Andrew Katz: Partner in legal firm Moorcrofts LLP. Moorcrofts has a niche specialism in advising clients on all aspects of open source software. As a former software engineer (and qualified NeXT developer), Andrew Katz has himself released software under open source licences. Andrew Katz is recognised as a leader in the field of open source licensing in the UK. He was involved in the drafting of the UK Creative Commons Licence, and has contributed to the GPL Version 3 project. He is also a founder editor and contributor to the International Free and Open Source Software Law Review.

Q540.  Chair: Don't we actually have to press for deregulation of the contracting process and a change to the European Directive?

Since this Government came to office, it has taken steps to radically simplify and streamline public procurement. In particular, it has conducted a "LEAN Review" to identify and then eliminate wasteful practices which form part of the procurement processes that are lengthy and burdensome without changing EU rules. Resultant changes are now in the process of being implemented.

In addition the Government is also actively participating in the European Commission's current review of the Procurement Directives. The Government has engaged with Commission Officials since the outset to press the case for radical simplification. Government officials are also working with counterparts in other member states to harness shared interests in simplification.

The Commission published a Green Paper on 15 January on the "Modernisation of EU Public Procurement Policy" and an explanatory memorandum was submitted to Parliament on 7 March 2011. A formal response from the Government will shortly be sent to the Commission.

These outcomes should free up public procurement markets and enable a light touch, modern regulatory framework. We will continue to work with both public and private sectors to finalise the Government's response.



Q1.  Do you have figures for the average price per desktop in government? If so, what is that figure and what is being done to reduce it?

There is currently no agreed common definition for a desktop nor method for attributing cost against a definition.

We are committed to putting in place a cross-departmental asset register which will incorporate the components of a desktop computing service so that we can have a single definition. Until that is in place, baseline information required in updates to all departments' Business Plans will include the cost of desktop per FTE and the contemporary definition used by the department to calculate that cost.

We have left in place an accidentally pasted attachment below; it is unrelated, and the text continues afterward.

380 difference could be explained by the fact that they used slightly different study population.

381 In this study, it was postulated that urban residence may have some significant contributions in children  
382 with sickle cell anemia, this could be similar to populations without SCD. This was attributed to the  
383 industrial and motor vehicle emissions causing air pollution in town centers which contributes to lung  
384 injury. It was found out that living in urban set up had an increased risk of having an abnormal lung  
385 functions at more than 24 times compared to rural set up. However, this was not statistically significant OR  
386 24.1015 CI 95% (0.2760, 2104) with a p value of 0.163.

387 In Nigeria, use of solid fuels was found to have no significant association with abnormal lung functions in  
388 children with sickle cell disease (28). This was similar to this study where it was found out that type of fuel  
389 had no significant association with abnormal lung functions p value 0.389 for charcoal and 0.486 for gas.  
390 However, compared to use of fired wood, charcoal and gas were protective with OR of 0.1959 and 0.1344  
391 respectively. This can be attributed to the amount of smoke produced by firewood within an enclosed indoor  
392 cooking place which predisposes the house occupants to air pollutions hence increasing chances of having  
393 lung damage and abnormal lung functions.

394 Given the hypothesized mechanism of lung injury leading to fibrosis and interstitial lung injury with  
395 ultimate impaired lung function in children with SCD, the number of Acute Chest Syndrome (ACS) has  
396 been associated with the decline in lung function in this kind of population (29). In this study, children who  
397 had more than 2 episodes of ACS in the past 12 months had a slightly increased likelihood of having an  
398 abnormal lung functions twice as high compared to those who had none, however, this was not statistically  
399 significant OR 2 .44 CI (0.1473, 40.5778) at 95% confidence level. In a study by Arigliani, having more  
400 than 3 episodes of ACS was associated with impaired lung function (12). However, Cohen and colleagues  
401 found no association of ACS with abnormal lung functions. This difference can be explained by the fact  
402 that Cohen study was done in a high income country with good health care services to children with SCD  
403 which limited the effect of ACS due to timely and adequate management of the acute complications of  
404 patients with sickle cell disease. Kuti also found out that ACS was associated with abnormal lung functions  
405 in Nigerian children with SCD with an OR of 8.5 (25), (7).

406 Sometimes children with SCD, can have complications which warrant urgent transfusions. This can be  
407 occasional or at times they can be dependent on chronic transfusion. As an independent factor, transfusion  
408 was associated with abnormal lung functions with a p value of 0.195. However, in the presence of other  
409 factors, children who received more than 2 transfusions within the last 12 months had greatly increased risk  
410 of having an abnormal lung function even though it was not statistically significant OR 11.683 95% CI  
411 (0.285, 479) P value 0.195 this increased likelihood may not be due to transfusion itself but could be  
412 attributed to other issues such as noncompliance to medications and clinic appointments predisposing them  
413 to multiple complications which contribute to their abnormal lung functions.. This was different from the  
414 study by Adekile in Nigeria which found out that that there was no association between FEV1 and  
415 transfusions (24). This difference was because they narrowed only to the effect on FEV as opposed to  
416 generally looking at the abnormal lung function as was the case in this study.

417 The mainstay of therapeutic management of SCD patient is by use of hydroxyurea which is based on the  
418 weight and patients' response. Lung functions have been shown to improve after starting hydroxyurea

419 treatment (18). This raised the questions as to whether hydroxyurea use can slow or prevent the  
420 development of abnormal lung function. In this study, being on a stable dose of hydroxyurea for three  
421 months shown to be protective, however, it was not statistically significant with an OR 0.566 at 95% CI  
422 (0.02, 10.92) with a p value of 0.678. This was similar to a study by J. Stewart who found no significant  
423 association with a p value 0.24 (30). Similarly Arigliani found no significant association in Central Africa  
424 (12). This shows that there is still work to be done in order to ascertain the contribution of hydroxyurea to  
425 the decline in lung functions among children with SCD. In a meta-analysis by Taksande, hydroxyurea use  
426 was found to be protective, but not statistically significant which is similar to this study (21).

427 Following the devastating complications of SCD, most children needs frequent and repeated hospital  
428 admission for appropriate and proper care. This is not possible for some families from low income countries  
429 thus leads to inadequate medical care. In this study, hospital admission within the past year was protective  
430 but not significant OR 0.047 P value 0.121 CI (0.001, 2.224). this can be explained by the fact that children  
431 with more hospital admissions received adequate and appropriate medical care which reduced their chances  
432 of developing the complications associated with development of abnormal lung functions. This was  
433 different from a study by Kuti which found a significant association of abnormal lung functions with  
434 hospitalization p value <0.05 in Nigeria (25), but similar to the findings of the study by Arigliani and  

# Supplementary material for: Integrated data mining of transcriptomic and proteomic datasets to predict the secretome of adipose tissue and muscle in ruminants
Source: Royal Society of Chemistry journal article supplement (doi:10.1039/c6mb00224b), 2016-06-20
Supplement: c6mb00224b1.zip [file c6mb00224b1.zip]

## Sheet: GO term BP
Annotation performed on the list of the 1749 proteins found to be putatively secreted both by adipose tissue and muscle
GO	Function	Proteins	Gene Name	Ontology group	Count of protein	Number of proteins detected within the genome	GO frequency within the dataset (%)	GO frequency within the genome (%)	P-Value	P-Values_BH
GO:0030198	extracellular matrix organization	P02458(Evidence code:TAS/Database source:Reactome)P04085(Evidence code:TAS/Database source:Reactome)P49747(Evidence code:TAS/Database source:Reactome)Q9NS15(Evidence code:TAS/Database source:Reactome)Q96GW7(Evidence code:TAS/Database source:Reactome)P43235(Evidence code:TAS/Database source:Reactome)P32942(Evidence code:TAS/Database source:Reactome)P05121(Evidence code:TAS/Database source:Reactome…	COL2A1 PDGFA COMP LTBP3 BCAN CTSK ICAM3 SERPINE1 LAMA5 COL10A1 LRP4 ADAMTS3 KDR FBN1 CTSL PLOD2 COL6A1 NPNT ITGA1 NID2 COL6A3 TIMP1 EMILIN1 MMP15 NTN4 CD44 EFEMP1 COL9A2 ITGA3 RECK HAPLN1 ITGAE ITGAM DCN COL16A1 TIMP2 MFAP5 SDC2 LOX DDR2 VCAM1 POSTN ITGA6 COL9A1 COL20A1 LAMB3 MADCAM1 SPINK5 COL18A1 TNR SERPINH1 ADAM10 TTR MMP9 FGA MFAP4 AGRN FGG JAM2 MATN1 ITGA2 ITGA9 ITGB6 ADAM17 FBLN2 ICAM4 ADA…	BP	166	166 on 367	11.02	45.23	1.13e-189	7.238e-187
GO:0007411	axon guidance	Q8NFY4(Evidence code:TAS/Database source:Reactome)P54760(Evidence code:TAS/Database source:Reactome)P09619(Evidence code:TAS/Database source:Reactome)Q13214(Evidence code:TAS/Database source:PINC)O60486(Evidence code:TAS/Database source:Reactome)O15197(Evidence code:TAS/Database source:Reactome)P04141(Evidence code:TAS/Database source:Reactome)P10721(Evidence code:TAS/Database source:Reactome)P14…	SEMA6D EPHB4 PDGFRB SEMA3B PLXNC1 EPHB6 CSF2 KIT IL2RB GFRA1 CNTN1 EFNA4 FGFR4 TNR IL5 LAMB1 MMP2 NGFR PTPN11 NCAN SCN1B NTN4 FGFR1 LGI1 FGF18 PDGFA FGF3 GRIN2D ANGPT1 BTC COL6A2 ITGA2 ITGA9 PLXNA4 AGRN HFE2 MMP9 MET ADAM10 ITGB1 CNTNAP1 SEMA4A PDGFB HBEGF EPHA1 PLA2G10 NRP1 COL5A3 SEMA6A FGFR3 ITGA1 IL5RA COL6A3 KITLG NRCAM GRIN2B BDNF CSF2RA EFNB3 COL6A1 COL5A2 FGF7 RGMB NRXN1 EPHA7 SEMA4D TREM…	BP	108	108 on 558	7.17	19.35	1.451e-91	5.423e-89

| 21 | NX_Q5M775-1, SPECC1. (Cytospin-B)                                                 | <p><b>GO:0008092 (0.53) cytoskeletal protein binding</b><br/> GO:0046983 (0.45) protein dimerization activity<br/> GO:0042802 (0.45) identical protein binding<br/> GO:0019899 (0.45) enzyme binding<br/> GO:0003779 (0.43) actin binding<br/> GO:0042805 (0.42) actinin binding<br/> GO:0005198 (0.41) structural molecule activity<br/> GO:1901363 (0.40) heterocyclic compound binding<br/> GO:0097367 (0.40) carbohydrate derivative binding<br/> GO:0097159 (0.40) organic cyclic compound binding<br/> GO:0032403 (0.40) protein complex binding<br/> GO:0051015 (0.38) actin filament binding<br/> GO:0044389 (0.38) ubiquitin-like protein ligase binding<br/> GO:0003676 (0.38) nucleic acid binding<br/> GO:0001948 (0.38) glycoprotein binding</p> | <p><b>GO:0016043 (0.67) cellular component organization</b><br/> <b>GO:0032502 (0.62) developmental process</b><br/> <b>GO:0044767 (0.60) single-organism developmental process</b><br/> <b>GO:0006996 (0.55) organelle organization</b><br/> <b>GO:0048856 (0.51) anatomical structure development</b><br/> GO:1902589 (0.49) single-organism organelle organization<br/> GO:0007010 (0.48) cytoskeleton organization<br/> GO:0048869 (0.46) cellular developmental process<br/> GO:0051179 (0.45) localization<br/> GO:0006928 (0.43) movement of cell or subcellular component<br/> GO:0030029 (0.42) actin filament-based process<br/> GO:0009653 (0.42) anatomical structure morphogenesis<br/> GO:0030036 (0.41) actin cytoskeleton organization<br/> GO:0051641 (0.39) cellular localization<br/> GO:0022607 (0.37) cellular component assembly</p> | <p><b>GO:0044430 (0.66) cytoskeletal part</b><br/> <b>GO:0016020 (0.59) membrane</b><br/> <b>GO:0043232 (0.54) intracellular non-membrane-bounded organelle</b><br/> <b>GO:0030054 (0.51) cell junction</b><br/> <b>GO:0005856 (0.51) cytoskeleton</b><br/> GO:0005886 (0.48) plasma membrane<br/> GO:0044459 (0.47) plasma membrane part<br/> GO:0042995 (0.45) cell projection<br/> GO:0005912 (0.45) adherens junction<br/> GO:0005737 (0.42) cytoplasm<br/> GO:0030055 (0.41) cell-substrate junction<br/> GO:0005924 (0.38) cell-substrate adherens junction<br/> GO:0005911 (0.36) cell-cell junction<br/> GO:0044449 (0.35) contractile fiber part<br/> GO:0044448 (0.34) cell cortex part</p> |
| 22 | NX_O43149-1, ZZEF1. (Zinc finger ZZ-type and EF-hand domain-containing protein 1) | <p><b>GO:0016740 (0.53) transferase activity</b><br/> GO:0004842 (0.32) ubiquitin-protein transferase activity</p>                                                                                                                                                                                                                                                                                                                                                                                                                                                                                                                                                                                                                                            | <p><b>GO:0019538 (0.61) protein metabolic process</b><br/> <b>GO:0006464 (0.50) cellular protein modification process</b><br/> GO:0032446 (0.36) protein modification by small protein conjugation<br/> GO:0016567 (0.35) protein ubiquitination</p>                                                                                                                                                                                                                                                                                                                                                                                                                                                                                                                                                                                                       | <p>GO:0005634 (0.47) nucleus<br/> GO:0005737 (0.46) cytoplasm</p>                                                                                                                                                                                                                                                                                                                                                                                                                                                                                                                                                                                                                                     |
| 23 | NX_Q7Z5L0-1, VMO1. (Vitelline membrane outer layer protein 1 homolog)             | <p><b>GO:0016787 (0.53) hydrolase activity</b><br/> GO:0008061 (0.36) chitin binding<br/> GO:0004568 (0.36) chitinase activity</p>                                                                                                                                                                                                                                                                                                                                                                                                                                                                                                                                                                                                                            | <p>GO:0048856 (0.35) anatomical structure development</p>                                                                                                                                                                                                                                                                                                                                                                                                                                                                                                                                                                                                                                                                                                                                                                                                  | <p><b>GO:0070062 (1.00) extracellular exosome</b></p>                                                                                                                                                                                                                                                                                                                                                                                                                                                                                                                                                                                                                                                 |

Reducing desktop costs within the context of creating a common ICT infrastructure is an explicit aim of the Government ICT Strategy. Like much else in ICT, desktop computing solutions have previously been individually crafted for departments, largely using output specifications by System Integrators. A common ICT infrastructure based on agreed, open standards to avoid vendor lock-in and to open up procurement directly from SMEs together with the use of cloud computing to deliver a utility service has as much to offer in reducing desktop costs as it does to reducing ICT costs as a whole.

Q2.  Is OGC still operating the Common Assessment Framework (CAF), measuring the performance of major ICT suppliers to the Government on a twice yearly basis?

2.2  If not, why is CAF is being discontinued?

2.2  If so, please supply the most detailed recent tables and evidence from CAF comparing major ICT suppliers' performance

The OGC (now part of ERG) took a decision to suspend the CAF process whilst the role and work of the Crown Commercial Portfolio team was considered as a whole.

The establishment of a network of Crown Representatives in April 2011 and the supporting analysis that will be developed in ERG is expected to provide better insights into supplier performance than was the case with CAF. Any successor to CAF will have to impose minimal burdens on suppliers and departments, while adding value over and above that secured via other routes.

As a result, a new process for the measurement of supplier performance is currently under review. We are working on a model which will be lighter touch than CAF and which will cover a wider range of major suppliers i.e. beyond purely ICT suppliers. Once the review of the proposed plans and approach are completed, we will be issuing guidance to Departments in the next six to nine months.


Q3.  To what extent will existing contracts limit/delay the ability of the Government to implement these reforms?

3.1  What is the average length of a Government IT contract? Which contract that the Government has currently entered into has the latest end date?

3.2  To what extent did the contract renegotiation conducted following the establishment of the Coalition Government allow you to mitigate this risk? Please give examples

3.  Existing ICT contracts are not a barrier to implementation of the reforms—on the contrary they have informed our work and helped us leverage several hundred million pounds in savings through the renegotiation programme. Discussed as part of the contract renegotiation programme they informed the proposals agreed in the Memoranda of Understanding (MoU) signed between suppliers and the Crown. The MoUs contain a range of savings opportunities for central government to be delivered in 2010-11 and beyond. Cabinet Office has been working with departments to deliver these savings since the first MoU was signed in September 2010.